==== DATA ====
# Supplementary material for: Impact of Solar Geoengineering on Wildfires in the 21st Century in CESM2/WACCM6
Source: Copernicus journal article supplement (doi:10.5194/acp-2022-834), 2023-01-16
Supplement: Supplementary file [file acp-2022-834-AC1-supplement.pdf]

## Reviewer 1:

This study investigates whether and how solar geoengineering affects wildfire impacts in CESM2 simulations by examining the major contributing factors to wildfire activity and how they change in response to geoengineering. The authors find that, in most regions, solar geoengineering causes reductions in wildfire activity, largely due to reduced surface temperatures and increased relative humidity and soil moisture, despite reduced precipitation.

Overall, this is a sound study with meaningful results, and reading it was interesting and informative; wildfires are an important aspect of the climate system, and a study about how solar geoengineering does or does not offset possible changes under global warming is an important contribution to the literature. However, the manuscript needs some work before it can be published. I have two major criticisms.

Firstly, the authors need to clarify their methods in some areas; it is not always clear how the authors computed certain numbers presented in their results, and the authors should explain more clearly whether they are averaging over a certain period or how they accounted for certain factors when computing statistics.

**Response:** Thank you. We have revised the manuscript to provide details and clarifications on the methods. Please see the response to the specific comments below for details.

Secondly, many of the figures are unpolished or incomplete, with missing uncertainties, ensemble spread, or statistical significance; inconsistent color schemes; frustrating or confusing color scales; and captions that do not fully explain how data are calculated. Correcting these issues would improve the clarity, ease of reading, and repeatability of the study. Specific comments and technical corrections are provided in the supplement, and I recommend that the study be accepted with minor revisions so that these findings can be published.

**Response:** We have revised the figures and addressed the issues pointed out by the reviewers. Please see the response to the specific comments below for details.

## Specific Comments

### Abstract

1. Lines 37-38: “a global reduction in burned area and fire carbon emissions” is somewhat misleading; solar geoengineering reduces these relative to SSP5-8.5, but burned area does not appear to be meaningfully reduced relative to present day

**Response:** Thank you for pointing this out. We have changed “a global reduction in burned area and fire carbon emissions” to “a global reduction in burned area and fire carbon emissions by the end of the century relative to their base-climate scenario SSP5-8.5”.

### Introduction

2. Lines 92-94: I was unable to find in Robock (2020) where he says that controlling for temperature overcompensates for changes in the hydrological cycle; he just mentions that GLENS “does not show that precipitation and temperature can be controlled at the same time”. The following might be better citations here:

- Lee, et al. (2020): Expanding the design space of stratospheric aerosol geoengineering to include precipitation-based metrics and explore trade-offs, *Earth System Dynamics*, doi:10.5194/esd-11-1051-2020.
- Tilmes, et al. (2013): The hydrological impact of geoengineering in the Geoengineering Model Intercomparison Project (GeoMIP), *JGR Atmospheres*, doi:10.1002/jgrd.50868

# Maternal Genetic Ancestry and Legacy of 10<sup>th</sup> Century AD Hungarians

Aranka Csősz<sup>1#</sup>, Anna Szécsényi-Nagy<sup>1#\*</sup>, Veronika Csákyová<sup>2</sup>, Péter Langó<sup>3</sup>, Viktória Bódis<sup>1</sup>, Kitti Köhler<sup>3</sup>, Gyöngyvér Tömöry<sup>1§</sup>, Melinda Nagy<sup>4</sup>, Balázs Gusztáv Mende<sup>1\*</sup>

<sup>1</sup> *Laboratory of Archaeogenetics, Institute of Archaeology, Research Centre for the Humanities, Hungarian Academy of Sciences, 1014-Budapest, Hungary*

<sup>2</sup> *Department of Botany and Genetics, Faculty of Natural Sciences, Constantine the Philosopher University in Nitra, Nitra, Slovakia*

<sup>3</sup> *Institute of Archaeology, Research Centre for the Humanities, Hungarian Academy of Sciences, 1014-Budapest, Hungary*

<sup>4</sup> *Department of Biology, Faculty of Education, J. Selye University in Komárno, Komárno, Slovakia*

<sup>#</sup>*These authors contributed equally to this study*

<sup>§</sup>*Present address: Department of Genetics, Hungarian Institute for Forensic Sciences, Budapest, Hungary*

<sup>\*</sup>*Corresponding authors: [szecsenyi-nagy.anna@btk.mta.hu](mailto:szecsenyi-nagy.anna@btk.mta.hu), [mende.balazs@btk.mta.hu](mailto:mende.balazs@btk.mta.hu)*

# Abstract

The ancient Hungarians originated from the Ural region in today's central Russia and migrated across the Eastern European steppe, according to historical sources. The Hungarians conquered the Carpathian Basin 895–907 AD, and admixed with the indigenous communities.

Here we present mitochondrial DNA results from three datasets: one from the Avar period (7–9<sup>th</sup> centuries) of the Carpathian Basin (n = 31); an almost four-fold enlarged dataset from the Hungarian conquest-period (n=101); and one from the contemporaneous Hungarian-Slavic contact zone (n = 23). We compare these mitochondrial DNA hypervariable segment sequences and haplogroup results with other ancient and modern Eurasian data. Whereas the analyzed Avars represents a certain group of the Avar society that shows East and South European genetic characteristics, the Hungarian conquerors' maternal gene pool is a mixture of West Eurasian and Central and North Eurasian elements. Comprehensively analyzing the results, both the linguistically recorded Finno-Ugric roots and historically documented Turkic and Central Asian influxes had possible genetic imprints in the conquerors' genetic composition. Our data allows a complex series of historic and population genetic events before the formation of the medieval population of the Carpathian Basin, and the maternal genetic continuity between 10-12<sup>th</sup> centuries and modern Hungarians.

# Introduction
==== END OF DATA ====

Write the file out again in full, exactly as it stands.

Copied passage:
# Supplementary material for: Impact of Solar Geoengineering on Wildfires in the 21st Century in CESM2/WACCM6
Source: Copernicus journal article supplement (doi:10.5194/acp-2022-834), 2023-01-16
Supplement: Supplementary file [file acp-2022-834-AC1-supplement.pdf]

## Reviewer 1:

This study investigates whether and how solar geoengineering affects wildfire impacts in CESM2 simulations by examining the major contributing factors to wildfire activity and how they change in response to geoengineering. The authors find that, in most regions, solar geoengineering causes reductions in wildfire activity, largely due to reduced surface temperatures and increased relative humidity and soil moisture, despite reduced precipitation.

Overall, this is a sound study with meaningful results, and reading it was interesting and informative; wildfires are an important aspect of the climate system, and a study about how solar geoengineering does or does not offset possible changes under global warming is an important contribution to the literature. However, the manuscript needs some work before it can be published. I have two major criticisms.

Firstly, the authors need to clarify their methods in some areas; it is not always clear how the authors computed certain numbers presented in their results, and the authors should explain more clearly whether they are averaging over a certain period or how they accounted for certain factors when computing statistics.

**Response:** Thank you. We have revised the manuscript to provide details and clarifications on the methods. Please see the response to the specific comments below for details.

Secondly, many of the figures are unpolished or incomplete, with missing uncertainties, ensemble spread, or statistical significance; inconsistent color schemes; frustrating or confusing color scales; and captions that do not fully explain how data are calculated. Correcting these issues would improve the clarity, ease of reading, and repeatability of the study. Specific comments and technical corrections are provided in the supplement, and I recommend that the study be accepted with minor revisions so that these findings can be published.

**Response:** We have revised the figures and addressed the issues pointed out by the reviewers. Please see the response to the specific comments below for details.

## Specific Comments

### Abstract

1. Lines 37-38: “a global reduction in burned area and fire carbon emissions” is somewhat misleading; solar geoengineering reduces these relative to SSP5-8.5, but burned area does not appear to be meaningfully reduced relative to present day

**Response:** Thank you for pointing this out. We have changed “a global reduction in burned area and fire carbon emissions” to “a global reduction in burned area and fire carbon emissions by the end of the century relative to their base-climate scenario SSP5-8.5”.

### Introduction

2. Lines 92-94: I was unable to find in Robock (2020) where he says that controlling for temperature overcompensates for changes in the hydrological cycle; he just mentions that GLENS “does not show that precipitation and temperature can be controlled at the same time”. The following might be better citations here:

- Lee, et al. (2020): Expanding the design space of stratospheric aerosol geoengineering to include precipitation-based metrics and explore trade-offs, *Earth System Dynamics*, doi:10.5194/esd-11-1051-2020.
- Tilmes, et al. (2013): The hydrological impact of geoengineering in the Geoengineering Model Intercomparison Project (GeoMIP), *JGR Atmospheres*, doi:10.1002/jgrd.50868

# Maternal Genetic Ancestry and Legacy of 10<sup>th</sup> Century AD Hungarians

Aranka Csősz<sup>1#</sup>, Anna Szécsényi-Nagy<sup>1#\*</sup>, Veronika Csákyová<sup>2</sup>, Péter Langó<sup>3</sup>, Viktória Bódis<sup>1</sup>, Kitti Köhler<sup>3</sup>, Gyöngyvér Tömöry<sup>1§</sup>, Melinda Nagy<sup>4</sup>, Balázs Gusztáv Mende<sup>1\*</sup>

<sup>1</sup> *Laboratory of Archaeogenetics, Institute of Archaeology, Research Centre for the Humanities, Hungarian Academy of Sciences, 1014-Budapest, Hungary*

<sup>2</sup> *Department of Botany and Genetics, Faculty of Natural Sciences, Constantine the Philosopher University in Nitra, Nitra, Slovakia*

<sup>3</sup> *Institute of Archaeology, Research Centre for the Humanities, Hungarian Academy of Sciences, 1014-Budapest, Hungary*

<sup>4</sup> *Department of Biology, Faculty of Education, J. Selye University in Komárno, Komárno, Slovakia*

<sup>#</sup>*These authors contributed equally to this study*

<sup>§</sup>*Present address: Department of Genetics, Hungarian Institute for Forensic Sciences, Budapest, Hungary*

<sup>\*</sup>*Corresponding authors: [szecsenyi-nagy.anna@btk.mta.hu](mailto:szecsenyi-nagy.anna@btk.mta.hu), [mende.balazs@btk.mta.hu](mailto:mende.balazs@btk.mta.hu)*

# Abstract

The ancient Hungarians originated from the Ural region in today's central Russia and migrated across the Eastern European steppe, according to historical sources. The Hungarians conquered the Carpathian Basin 895–907 AD, and admixed with the indigenous communities.

Here we present mitochondrial DNA results from three datasets: one from the Avar period (7–9<sup>th</sup> centuries) of the Carpathian Basin (n = 31); an almost four-fold enlarged dataset from the Hungarian conquest-period (n=101); and one from the contemporaneous Hungarian-Slavic contact zone (n = 23). We compare these mitochondrial DNA hypervariable segment sequences and haplogroup results with other ancient and modern Eurasian data. Whereas the analyzed Avars represents a certain group of the Avar society that shows East and South European genetic characteristics, the Hungarian conquerors' maternal gene pool is a mixture of West Eurasian and Central and North Eurasian elements. Comprehensively analyzing the results, both the linguistically recorded Finno-Ugric roots and historically documented Turkic and Central Asian influxes had possible genetic imprints in the conquerors' genetic composition. Our data allows a complex series of historic and population genetic events before the formation of the medieval population of the Carpathian Basin, and the maternal genetic continuity between 10-12<sup>th</sup> centuries and modern Hungarians.

# Introduction